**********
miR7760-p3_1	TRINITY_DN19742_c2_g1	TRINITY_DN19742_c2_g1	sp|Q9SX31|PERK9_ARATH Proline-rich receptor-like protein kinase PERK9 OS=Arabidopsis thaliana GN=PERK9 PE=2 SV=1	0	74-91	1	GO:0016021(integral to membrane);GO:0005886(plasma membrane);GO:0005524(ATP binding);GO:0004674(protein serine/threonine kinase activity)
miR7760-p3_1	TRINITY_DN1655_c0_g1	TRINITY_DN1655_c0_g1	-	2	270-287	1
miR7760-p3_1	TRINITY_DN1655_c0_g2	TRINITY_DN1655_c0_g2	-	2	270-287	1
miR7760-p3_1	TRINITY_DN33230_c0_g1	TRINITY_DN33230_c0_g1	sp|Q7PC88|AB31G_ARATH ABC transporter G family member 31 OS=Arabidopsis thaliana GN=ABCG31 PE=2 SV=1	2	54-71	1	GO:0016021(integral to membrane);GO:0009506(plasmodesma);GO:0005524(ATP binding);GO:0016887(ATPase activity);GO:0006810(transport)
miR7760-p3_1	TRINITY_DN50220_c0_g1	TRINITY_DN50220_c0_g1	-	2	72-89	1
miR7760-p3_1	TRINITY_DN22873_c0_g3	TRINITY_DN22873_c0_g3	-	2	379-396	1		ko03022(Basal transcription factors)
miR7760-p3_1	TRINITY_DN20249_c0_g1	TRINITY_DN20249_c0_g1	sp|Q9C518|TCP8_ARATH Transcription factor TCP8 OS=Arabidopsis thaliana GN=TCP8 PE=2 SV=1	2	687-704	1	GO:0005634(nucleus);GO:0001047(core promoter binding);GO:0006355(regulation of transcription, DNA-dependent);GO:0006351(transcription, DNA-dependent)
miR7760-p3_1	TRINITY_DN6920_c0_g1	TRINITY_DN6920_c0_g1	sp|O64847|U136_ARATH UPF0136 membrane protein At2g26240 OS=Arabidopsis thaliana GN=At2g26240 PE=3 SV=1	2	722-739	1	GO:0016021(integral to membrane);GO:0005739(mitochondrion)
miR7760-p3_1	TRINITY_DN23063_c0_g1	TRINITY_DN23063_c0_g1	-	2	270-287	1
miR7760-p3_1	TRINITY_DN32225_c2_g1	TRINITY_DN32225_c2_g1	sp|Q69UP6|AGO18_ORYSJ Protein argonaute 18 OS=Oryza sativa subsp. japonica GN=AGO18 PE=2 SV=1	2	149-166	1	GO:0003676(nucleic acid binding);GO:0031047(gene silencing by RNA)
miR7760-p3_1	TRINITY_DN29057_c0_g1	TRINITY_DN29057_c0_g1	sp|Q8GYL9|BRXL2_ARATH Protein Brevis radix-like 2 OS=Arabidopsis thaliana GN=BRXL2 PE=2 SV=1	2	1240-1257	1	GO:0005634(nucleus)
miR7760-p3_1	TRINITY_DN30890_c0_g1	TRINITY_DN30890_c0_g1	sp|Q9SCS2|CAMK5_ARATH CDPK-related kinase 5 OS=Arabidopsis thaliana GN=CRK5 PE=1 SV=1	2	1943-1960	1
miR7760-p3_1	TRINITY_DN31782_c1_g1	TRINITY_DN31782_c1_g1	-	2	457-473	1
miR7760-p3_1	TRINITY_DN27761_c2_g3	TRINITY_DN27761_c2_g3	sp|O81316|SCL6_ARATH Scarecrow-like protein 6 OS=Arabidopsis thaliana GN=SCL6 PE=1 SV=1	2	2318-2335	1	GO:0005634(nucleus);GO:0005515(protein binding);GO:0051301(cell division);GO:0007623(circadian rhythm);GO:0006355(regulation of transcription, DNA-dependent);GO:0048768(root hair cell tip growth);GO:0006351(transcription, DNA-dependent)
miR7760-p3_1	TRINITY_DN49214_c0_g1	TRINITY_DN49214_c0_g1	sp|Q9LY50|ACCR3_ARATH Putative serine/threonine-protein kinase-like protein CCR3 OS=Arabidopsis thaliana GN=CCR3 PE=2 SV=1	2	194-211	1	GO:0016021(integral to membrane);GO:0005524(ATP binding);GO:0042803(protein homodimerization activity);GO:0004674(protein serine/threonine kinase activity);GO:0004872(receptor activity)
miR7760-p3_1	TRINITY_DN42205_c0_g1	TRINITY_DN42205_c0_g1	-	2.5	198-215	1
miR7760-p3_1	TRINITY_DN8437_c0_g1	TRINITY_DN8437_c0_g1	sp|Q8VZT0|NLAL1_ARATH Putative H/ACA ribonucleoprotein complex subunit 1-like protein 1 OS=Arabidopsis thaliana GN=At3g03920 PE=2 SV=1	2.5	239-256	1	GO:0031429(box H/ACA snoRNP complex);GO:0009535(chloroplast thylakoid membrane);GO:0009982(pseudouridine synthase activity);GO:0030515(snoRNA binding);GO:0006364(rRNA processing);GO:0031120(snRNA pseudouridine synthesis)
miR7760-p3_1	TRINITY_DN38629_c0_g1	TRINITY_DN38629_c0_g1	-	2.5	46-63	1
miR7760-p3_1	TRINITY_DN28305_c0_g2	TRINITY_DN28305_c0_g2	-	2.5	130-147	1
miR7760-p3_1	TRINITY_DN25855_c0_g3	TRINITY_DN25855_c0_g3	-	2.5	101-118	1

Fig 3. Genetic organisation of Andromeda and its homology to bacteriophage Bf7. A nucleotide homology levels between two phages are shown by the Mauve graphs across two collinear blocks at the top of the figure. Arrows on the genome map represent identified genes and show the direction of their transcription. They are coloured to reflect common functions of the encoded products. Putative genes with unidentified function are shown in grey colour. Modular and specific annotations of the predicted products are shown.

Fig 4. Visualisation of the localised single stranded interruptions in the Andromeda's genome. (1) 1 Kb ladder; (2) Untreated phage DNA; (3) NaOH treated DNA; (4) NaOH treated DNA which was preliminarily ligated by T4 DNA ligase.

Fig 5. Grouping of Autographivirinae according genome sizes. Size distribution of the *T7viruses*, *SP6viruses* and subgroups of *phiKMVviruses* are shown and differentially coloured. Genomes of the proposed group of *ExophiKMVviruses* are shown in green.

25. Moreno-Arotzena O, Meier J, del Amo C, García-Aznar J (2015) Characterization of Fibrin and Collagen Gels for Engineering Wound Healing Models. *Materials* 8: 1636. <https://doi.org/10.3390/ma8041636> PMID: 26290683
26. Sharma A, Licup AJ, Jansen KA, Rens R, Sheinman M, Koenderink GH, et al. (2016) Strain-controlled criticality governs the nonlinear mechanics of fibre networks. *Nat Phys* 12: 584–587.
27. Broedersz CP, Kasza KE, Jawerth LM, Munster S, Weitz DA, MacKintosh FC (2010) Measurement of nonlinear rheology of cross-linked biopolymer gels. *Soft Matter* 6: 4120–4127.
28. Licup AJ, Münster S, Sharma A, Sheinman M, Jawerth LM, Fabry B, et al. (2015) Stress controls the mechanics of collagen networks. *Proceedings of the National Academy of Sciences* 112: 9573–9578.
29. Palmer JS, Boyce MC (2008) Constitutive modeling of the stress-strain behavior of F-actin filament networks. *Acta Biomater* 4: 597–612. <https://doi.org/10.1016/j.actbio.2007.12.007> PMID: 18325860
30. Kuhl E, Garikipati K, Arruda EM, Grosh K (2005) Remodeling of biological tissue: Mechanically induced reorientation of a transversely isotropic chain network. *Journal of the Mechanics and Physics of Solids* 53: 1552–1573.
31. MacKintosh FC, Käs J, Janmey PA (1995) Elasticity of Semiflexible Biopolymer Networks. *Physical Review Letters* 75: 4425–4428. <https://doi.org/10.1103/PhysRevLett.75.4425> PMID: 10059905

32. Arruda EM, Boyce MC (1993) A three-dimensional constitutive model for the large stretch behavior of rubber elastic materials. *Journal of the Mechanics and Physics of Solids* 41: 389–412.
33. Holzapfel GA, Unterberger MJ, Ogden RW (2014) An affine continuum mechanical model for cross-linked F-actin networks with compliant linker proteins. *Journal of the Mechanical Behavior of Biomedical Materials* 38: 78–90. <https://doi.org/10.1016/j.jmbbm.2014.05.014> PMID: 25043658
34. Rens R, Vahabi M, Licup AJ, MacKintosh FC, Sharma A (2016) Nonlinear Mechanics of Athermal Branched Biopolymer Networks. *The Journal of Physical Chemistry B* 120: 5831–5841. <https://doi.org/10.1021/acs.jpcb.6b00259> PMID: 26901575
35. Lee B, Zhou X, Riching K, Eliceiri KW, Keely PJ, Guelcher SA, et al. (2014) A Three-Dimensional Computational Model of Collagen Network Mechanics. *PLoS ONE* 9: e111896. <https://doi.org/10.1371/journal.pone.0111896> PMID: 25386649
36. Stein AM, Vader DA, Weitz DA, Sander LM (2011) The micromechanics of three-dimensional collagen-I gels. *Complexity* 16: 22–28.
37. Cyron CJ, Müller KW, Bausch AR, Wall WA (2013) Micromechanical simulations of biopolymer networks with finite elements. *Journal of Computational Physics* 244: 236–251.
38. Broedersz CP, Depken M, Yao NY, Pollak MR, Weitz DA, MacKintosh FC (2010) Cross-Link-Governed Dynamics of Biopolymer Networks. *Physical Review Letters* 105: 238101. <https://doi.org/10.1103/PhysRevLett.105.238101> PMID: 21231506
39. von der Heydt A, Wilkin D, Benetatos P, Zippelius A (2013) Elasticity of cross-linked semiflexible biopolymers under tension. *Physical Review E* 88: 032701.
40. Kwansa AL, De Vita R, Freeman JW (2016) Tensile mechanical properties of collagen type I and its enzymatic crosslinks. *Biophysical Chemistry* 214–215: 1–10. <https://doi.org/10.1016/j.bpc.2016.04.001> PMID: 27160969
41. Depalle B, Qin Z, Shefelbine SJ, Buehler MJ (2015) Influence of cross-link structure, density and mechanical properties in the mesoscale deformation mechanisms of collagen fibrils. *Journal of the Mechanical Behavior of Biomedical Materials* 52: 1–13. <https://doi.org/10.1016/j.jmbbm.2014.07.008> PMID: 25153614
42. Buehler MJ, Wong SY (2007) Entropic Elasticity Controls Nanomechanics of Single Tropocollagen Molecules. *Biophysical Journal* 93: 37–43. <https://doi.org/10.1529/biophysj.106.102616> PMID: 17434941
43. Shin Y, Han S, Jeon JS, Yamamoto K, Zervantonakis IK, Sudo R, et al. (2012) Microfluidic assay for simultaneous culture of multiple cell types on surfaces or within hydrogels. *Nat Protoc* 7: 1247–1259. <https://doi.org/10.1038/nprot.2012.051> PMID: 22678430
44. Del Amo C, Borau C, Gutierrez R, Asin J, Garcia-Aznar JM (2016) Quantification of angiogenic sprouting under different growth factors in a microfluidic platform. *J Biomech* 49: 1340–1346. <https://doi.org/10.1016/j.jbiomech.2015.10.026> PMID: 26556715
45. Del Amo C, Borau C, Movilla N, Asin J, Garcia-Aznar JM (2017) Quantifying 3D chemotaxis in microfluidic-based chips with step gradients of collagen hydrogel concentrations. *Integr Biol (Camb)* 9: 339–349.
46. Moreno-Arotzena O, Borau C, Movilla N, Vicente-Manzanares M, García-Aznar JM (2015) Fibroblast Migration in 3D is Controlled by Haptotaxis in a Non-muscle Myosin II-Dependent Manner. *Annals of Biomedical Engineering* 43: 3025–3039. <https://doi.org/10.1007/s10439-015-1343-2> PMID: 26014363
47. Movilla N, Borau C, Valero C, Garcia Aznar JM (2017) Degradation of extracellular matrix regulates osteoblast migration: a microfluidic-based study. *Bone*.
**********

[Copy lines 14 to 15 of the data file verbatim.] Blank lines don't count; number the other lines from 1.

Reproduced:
miR7760-p3_1	TRINITY_DN27761_c2_g3	TRINITY_DN27761_c2_g3	sp|O81316|SCL6_ARATH Scarecrow-like protein 6 OS=Arabidopsis thaliana GN=SCL6 PE=1 SV=1	2	2318-2335	1	GO:0005634(nucleus);GO:0005515(protein binding);GO:0051301(cell division);GO:0007623(circadian rhythm);GO:0006355(regulation of transcription, DNA-dependent);GO:0048768(root hair cell tip growth);GO:0006351(transcription, DNA-dependent)
miR7760-p3_1	TRINITY_DN49214_c0_g1	TRINITY_DN49214_c0_g1	sp|Q9LY50|ACCR3_ARATH Putative serine/threonine-protein kinase-like protein CCR3 OS=Arabidopsis thaliana GN=CCR3 PE=2 SV=1	2	194-211	1	GO:0016021(integral to membrane);GO:0005524(ATP binding);GO:0042803(protein homodimerization activity);GO:0004674(protein serine/threonine kinase activity);GO:0004872(receptor activity)